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Tracheal disease

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Tracheomalacia, stenosis & vascular compression

Aetiology

Tracheomalacia

Most commonly associated with:
- oesophageal atresia
- TOF
- vascular anomalies

Vascular compression

- double aortic arch
- complex of R sided aortic arch + left ductus arteriosus + aberrant L subclavian artery
- anomalous innominate artery

Management

- division of vascular ring or ligation or repositioning of aberrant artery does not immediately restore normal airway dimensions or stability: symptoms may persist for years
- tracheomalacia can sometimes be stabilized by prolonged period of nasotracheal intubation or tracheostomy with CPAP
- tracheopexy (suspends anterior tracheal wall from post sternal surface and great vessels occasionally useful)

Tracheal stenosis in children

Subglottic

- occurs in 2-8% of surviving intubated infants with very low birth weight (<1.5 kg)
- following are potential causative factors:

  • physical damage to airway during intubation
  • ETT which is too large
  • ETT of inadequate shape
  • inadequate humidification
  • movement of ETT in piston-like manner during ventilation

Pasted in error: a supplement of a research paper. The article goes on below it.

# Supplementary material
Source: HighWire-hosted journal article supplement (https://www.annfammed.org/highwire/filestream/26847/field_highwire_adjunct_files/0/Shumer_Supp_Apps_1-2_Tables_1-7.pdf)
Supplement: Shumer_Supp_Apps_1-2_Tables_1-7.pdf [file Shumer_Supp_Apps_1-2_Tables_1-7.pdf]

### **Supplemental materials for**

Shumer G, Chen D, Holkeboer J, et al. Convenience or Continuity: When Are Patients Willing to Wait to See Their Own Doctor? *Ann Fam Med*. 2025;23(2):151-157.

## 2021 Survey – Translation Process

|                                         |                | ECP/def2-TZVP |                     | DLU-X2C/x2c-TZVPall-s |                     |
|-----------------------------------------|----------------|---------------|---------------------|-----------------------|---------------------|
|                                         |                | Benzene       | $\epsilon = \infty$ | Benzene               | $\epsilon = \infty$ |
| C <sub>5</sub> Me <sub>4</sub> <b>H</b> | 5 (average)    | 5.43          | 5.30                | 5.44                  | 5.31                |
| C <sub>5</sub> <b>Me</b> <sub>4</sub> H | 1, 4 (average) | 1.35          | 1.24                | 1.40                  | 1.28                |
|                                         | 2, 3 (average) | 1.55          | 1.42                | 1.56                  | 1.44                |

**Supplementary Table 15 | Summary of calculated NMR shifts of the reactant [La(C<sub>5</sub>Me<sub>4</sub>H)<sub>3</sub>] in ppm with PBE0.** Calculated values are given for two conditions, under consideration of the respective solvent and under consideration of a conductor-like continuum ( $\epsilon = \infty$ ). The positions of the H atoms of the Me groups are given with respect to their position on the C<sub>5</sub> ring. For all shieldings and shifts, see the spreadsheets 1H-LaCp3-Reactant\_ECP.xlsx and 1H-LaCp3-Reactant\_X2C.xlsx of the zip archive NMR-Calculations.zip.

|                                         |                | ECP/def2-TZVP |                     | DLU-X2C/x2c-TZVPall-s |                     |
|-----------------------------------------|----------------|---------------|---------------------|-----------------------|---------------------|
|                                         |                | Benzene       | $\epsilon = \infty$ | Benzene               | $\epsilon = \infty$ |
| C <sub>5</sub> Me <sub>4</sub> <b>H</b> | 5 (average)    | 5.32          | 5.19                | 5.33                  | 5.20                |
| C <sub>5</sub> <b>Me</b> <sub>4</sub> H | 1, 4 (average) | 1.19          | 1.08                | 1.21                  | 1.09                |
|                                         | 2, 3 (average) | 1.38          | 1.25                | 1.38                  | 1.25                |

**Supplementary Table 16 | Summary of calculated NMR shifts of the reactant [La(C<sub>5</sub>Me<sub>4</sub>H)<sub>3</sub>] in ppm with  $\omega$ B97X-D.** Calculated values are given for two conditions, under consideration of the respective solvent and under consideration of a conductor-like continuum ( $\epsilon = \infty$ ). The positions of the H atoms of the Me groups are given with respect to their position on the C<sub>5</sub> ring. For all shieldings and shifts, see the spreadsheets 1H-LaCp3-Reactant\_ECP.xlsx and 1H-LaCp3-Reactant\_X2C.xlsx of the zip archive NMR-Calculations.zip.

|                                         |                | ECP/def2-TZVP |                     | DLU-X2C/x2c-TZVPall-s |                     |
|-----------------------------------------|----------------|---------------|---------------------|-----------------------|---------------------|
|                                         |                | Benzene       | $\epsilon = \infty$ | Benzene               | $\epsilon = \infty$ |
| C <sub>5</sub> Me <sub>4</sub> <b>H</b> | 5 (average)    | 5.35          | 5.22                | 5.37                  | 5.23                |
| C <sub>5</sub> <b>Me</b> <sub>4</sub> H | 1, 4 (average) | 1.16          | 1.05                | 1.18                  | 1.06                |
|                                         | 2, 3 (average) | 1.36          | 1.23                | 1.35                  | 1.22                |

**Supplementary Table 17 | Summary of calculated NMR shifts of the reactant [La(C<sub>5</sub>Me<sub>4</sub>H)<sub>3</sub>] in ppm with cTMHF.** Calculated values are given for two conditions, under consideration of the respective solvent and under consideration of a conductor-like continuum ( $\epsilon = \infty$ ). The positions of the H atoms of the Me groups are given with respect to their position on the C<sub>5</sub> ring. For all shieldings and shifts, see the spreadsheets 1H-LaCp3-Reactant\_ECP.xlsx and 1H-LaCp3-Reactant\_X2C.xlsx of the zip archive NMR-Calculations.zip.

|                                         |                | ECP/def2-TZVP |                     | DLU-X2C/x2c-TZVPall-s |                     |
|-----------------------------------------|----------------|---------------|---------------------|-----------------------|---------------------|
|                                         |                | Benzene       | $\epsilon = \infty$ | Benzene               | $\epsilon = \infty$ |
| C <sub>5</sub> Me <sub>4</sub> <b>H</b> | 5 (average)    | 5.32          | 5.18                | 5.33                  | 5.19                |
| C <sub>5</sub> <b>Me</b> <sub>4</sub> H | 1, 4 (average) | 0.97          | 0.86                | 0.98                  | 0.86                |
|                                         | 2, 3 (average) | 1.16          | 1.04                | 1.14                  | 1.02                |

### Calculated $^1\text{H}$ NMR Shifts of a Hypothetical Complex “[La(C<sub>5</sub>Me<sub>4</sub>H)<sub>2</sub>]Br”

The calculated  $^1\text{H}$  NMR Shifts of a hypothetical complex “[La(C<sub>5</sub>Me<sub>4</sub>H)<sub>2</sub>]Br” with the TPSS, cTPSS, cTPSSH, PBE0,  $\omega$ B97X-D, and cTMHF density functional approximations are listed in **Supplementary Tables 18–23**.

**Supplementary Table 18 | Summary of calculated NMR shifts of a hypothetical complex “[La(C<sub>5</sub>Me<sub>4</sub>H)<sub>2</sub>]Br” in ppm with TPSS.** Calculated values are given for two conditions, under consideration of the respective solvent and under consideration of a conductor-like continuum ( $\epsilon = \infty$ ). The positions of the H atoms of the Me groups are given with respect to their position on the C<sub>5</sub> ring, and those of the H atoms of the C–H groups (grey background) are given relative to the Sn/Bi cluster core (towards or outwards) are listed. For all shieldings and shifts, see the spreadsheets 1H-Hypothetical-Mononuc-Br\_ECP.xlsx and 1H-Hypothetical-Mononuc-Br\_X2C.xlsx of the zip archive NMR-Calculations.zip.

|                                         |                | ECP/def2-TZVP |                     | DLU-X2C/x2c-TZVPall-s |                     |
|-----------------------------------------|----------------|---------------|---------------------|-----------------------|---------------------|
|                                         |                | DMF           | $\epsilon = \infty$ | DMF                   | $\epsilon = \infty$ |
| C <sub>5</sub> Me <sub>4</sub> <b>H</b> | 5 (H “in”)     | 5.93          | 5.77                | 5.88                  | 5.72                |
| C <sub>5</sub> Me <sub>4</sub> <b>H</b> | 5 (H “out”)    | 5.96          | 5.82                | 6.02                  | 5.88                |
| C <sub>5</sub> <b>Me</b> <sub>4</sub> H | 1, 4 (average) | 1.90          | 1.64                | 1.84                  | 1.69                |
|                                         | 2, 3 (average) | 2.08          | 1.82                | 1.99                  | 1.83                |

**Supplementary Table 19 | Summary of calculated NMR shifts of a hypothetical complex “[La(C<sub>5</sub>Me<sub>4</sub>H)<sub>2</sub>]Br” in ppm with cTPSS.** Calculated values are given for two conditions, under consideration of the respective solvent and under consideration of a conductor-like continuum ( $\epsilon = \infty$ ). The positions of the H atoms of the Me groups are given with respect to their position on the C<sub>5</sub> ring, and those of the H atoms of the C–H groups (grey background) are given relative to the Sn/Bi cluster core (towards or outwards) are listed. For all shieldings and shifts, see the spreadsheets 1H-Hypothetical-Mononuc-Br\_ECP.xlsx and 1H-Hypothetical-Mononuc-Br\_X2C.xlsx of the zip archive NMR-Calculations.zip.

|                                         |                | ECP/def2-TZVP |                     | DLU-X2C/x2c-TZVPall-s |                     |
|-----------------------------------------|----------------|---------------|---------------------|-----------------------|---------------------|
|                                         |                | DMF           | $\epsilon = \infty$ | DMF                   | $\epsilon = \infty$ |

• physiologic activity of larynx and trachea during coughing or swallowing
  • infection
  • systemic illness
  • prolonged intubation
  • frequent ETT changes
  • patient activity while intubated

- treatment has included:

  • local and systemic steroids
  • tracheal dilatation
  • tracheal resection and anastamosis
  • tracheal split with insertion of a cartilaginous graft
  • simply waiting for patient to "outgrow" the problem

- tracheostomy performed to secure ventilation while awaiting resolution of tracheal stenosis associated with a high complication rate with an estimated mortality rate as high as 8% in infants <1 yr


© Charles Gomersall December 1999

 

©Charles Gomersall, April, 2014 unless otherwise stated. The author, editor and The Chinese University of Hong Kong take no responsibility for any adverse event resulting from the use of this webpage.
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